Date: 5th April 2021 at 9:32pm
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It’s so difficult for any manager to come in to a club who are in desperate need of an overhaul and revamp with too many members of the squad simply not good enough.

However, to continuously slate the players in public definitely doesn’t do much good either for the dressing room morale and the players’ confidence, and after a dreadful season which could still result in the club getting top 4 and a trophy, the last thing the squad needs is confidence issues caused by their manager.

This is the exact issue being faced at Spurs, as Jose Mourinho has again came out and blamed the players for a disappointing result, this time saying that he can’t get his team to hold on to a lead anymore like he used to be so good at, saying, “same coach, different players.”

The 2-2 draw at Newcastle was a result many of us were almost certain before kick-off was a huge possibility because of the defensive fragilities, but little did we know that the errors in attack and defence would be so calamitous that it would be difficult to blame the manager.

It’s basic football to only play out from the back when a midfielder or defender is in plenty of space, so when Japhet Tanganga tried a complicated lob-pass down the right-flank but couldn’t clear the first man, we were all hopeful Davinson Sanchez would just clear his lines anywhere down the other end of the pitch.

Instead, Sanchez miscued his clearance and played the ball low and hard straight into a Newcastle midfielder who then found Sean Longstaff in an advanced position with both Sanchez and Tanganga out of position, giving him the easy task of sliding across for Joelinton to tap home.

Toby Alderweireld was apparently not available due to having not been around in time for the COVID tests, which reportedly has baffled the Spurs players – and if this is a lie, Mourinho has got this completely wrong and is completely to blame for not having selected the club’s best defender.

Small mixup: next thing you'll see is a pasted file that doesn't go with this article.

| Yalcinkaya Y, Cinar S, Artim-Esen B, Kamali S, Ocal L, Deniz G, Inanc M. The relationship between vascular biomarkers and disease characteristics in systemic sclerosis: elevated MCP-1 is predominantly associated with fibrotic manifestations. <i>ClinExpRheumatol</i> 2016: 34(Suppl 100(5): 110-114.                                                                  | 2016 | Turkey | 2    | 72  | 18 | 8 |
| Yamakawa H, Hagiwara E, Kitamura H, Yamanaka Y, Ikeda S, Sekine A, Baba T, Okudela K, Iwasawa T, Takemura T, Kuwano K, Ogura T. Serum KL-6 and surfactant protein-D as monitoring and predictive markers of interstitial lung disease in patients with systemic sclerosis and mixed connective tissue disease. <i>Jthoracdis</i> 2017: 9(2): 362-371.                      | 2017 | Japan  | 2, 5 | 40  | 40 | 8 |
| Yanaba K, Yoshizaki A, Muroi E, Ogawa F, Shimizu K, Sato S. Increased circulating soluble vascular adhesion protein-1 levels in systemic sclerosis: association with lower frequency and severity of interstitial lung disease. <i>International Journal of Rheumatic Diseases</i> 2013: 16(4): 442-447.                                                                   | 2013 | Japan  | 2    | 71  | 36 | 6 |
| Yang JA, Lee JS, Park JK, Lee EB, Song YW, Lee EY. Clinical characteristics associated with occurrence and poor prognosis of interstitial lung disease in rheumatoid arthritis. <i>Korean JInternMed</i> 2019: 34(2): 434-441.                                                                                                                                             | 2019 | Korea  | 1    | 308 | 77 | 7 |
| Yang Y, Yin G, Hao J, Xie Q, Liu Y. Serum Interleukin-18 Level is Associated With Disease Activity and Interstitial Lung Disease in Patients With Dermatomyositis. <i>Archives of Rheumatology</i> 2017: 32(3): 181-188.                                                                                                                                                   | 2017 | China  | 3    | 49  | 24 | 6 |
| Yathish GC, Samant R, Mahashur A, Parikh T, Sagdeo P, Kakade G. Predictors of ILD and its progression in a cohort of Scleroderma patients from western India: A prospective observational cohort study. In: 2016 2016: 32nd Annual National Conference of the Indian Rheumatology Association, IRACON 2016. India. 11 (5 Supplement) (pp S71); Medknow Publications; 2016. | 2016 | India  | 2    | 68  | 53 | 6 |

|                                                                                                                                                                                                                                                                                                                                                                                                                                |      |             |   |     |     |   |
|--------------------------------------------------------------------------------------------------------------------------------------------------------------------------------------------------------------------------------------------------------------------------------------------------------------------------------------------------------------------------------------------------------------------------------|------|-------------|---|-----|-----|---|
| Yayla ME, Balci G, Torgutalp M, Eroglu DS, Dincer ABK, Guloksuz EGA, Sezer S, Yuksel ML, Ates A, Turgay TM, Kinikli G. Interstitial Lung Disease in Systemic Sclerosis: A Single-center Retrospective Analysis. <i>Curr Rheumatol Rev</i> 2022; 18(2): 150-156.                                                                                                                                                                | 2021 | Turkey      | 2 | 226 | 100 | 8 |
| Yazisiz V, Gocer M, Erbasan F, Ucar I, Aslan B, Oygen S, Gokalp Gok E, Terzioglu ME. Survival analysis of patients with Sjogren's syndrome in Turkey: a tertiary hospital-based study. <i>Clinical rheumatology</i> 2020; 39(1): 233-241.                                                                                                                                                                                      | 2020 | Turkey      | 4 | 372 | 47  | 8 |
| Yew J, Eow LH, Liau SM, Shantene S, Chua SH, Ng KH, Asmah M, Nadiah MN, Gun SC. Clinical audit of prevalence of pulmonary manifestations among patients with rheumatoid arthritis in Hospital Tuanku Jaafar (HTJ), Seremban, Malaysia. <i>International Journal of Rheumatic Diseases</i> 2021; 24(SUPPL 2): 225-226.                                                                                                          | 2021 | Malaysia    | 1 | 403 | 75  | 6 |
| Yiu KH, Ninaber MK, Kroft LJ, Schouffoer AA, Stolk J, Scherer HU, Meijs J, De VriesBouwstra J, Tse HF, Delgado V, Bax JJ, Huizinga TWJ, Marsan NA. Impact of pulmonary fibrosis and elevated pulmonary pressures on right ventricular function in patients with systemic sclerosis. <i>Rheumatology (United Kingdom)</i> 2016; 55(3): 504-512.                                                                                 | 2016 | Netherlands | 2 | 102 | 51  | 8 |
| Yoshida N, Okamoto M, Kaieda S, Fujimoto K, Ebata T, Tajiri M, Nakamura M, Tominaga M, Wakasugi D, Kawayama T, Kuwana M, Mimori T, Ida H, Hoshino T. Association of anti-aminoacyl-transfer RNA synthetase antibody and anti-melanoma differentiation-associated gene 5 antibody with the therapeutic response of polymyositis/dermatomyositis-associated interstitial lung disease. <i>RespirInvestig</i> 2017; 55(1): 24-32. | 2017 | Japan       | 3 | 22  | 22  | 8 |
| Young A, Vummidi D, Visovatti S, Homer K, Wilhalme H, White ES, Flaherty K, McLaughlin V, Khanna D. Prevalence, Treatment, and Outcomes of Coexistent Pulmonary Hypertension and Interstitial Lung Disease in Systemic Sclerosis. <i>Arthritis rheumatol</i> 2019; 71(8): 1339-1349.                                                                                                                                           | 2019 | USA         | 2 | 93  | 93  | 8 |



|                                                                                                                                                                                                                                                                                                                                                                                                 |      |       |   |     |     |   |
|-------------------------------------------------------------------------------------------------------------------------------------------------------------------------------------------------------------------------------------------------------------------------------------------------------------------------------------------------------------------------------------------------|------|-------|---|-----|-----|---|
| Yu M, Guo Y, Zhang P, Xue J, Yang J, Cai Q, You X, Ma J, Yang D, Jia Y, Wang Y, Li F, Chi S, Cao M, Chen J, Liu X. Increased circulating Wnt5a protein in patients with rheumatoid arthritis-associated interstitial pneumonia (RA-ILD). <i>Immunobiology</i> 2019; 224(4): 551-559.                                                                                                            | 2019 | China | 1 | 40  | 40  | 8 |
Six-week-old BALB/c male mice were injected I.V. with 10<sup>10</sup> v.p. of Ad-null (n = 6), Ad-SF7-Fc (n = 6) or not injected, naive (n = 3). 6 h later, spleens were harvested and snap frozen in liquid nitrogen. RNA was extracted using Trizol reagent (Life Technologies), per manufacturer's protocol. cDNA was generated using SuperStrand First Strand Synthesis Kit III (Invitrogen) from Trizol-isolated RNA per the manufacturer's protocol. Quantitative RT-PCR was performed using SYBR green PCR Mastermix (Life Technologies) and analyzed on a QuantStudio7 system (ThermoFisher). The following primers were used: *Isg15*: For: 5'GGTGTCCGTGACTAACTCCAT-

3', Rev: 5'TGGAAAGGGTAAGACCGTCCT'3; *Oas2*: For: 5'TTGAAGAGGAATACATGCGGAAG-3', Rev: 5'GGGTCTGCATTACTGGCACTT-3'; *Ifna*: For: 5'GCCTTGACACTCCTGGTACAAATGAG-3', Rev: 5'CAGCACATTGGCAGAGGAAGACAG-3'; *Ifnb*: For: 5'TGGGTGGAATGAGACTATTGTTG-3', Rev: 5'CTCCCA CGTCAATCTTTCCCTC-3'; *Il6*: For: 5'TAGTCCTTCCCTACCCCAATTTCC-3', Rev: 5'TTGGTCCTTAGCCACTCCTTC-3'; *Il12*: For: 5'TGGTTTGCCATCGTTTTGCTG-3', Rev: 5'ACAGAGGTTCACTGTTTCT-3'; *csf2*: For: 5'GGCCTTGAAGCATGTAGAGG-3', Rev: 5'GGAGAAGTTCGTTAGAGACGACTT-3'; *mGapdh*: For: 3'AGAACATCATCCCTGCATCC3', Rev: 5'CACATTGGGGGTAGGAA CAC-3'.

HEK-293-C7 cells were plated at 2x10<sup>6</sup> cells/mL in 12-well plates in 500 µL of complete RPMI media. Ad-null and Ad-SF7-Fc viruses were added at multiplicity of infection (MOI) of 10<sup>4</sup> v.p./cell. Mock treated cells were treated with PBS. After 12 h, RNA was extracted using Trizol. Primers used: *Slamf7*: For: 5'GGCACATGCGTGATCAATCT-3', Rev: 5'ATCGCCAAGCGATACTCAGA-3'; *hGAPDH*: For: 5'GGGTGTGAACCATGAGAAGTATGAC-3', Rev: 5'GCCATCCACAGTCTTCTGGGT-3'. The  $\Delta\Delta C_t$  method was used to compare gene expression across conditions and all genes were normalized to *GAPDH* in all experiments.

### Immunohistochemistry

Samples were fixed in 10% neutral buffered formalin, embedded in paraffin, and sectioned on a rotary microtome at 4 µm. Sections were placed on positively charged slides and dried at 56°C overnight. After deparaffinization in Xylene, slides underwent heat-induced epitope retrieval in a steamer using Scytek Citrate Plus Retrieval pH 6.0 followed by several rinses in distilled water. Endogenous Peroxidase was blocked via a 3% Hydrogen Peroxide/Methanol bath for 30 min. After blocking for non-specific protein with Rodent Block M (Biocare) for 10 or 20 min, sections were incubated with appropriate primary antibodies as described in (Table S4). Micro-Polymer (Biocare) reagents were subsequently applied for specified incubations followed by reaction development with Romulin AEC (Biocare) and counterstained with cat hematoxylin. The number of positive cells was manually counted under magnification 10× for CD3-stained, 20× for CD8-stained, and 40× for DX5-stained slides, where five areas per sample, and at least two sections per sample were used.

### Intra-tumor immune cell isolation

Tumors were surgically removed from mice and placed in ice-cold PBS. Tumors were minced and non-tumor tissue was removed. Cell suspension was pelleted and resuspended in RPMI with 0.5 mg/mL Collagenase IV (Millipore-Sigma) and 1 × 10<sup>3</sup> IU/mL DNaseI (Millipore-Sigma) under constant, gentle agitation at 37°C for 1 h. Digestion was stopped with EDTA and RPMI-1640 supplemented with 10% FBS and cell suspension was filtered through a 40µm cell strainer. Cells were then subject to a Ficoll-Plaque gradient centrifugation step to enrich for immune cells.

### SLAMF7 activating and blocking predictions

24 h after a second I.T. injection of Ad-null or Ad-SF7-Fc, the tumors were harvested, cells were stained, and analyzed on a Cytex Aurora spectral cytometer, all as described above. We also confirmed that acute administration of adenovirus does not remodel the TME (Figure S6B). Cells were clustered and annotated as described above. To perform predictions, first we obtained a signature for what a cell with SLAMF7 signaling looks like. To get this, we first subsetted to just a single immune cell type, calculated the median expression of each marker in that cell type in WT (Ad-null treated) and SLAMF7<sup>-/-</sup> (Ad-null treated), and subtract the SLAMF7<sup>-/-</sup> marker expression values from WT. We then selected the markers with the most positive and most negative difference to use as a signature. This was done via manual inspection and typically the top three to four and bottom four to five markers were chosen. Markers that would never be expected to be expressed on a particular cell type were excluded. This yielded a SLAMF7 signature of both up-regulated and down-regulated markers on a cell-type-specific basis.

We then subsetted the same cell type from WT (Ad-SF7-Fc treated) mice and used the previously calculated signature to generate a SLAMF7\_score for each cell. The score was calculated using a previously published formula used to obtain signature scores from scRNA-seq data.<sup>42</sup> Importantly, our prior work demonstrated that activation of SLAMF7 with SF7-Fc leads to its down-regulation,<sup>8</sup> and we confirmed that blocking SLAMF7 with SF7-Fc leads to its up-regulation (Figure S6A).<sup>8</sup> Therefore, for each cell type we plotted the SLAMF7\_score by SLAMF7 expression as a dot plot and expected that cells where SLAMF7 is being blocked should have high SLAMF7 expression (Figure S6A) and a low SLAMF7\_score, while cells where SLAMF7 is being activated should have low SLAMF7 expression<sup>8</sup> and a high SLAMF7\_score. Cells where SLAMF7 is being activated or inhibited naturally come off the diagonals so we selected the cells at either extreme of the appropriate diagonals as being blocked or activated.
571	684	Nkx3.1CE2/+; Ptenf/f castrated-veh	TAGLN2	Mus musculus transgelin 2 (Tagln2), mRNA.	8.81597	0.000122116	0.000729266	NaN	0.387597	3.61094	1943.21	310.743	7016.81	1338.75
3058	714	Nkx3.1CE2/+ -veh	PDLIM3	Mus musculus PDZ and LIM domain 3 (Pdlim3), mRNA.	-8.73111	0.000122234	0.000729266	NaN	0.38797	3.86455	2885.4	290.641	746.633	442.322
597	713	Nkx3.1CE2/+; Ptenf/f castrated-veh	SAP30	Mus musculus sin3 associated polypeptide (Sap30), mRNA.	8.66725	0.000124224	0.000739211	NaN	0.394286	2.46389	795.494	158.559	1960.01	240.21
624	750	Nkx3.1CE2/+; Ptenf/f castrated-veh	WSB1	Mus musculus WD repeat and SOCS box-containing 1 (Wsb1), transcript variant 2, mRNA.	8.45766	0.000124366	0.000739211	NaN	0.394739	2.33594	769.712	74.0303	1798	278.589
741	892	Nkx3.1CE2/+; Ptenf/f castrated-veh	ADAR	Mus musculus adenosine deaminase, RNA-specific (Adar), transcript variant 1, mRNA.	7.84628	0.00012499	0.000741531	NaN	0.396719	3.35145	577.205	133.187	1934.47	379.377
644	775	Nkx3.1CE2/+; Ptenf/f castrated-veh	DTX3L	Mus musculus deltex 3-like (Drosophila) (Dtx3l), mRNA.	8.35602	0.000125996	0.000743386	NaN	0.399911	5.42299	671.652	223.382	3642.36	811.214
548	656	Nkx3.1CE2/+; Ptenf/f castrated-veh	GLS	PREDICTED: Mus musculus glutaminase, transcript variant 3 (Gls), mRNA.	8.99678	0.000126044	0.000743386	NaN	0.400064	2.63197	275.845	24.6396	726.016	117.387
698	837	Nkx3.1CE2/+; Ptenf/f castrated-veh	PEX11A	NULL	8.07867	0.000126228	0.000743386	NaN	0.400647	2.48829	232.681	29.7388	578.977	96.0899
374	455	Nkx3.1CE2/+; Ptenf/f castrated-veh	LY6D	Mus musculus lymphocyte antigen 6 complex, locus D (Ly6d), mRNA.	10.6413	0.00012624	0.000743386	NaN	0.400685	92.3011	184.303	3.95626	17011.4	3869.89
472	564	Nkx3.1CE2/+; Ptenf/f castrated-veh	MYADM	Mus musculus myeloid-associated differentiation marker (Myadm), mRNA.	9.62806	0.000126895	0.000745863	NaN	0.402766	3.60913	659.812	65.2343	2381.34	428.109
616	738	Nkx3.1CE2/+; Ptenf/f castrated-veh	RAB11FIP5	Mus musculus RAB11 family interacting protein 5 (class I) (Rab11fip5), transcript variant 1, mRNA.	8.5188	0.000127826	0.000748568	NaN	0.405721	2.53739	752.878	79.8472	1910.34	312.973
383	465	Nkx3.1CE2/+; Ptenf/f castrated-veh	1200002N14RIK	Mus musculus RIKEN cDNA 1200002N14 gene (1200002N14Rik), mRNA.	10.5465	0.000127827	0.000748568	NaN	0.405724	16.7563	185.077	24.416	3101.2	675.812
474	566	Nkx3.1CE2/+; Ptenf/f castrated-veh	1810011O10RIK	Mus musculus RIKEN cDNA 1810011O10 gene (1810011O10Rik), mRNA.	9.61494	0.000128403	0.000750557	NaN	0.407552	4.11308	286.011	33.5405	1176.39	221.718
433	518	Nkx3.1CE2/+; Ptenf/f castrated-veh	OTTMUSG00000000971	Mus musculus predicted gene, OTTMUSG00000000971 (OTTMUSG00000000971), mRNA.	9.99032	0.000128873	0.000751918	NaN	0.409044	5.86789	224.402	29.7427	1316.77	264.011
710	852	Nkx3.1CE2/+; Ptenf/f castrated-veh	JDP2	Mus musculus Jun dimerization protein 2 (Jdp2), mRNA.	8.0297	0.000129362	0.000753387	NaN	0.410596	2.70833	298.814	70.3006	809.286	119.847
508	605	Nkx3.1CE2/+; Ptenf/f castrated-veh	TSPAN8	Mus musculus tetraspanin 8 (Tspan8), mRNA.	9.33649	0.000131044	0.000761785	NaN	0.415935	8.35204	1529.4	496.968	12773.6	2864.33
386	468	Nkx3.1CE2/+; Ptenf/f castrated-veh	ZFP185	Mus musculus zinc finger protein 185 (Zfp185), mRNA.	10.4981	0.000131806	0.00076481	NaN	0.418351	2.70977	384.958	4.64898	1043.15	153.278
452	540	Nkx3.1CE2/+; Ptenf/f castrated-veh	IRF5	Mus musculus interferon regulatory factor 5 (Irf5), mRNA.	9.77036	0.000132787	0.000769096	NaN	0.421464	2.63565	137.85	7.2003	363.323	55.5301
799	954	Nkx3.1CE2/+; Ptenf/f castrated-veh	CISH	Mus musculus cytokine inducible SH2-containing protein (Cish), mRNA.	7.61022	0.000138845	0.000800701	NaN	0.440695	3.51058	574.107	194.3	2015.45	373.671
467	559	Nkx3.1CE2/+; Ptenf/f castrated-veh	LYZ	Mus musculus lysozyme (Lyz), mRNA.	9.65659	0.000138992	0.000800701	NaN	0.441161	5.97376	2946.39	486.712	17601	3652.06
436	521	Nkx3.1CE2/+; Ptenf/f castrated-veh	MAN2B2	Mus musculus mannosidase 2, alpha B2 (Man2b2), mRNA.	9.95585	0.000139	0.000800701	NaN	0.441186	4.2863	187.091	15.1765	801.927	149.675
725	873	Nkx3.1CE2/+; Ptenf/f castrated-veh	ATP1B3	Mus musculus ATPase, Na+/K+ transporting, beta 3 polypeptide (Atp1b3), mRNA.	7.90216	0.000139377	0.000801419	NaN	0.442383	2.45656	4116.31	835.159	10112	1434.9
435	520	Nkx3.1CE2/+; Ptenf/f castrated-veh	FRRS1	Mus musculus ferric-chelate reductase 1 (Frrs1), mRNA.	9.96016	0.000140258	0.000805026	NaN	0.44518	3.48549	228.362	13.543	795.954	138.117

The other goal conceded saw Sergio Reguilon beaten in the air and neither Sanchez nor Joe Rodon or Japhet Tanganga able to stop the ball from reaching the unmarked Joe Willock – which begs the question where were the midfielders tracking back?

Pierre-Emile Hojbjerg managed to get back, but his concentration wasn’t particularly great in the situation, while Tanguy Ndombele and Giovani Lo Celso sluggishly made their way back to try and do their defensive duties, but not in time as the ball was already in the back of the net.

Mourinho simply could have no input in the two goals there, as it was just dreadful from every aspect – but when he makes comments afterwards slating the players for not being able to hold onto the lead, of course it will put more pressure on the defenders in future games.

However, Harry Kane should have put the game beyond reach just before the second goal as he struck the post, and Erik Lamela should have found Heung-min Son and Tanguy Ndombele on two separate occasions as both players broke free on the last man in plenty of space – but the Argentine failed to play the ball early enough.

Again, these incidents can’t be influenced by Mourinho, as it is just basics that the players need to do to create more chances and prevent more goals conceded – but again his comments in the press won’t be helping the situation.

One thing that is completely down to Mourinho was his substitutions, which were baffling to say the least, as Carlos Vinicius was subbed at half-time and Giovani Lo Celso survived for over 80 minutes while Lucas Moura was subbed 20 minutes earlier.

Lucas can produce magic out of nothing, while Lo Celso was visibly having a dreadful game, and Gareth Bale should have been brought on far earlier than he was with just five minutes left.

Vinicius meanwhile, drew defenders out with his perfect runs for the two goals as well as creating a brilliant chance too, and so he should have been given a little longer – especially since Heung-min Son just did not appear to be match-fit.

The Brazilian striker had been subjected to criticism by different media outlets for ‘not affecting’ the game, but he definitely did with his work off the ball, and it showed because Spurs just didn’t look like scoring in the second half except for that chance for Kane.

So in conclusion, we don’t believe the blame can be completely shifted onto Mourinho for this game, but there are definitely contributing factors to the result that has been caused by the manager, and a number of different things could have been done differently, but ultimately individual errors influenced the score-line.

 
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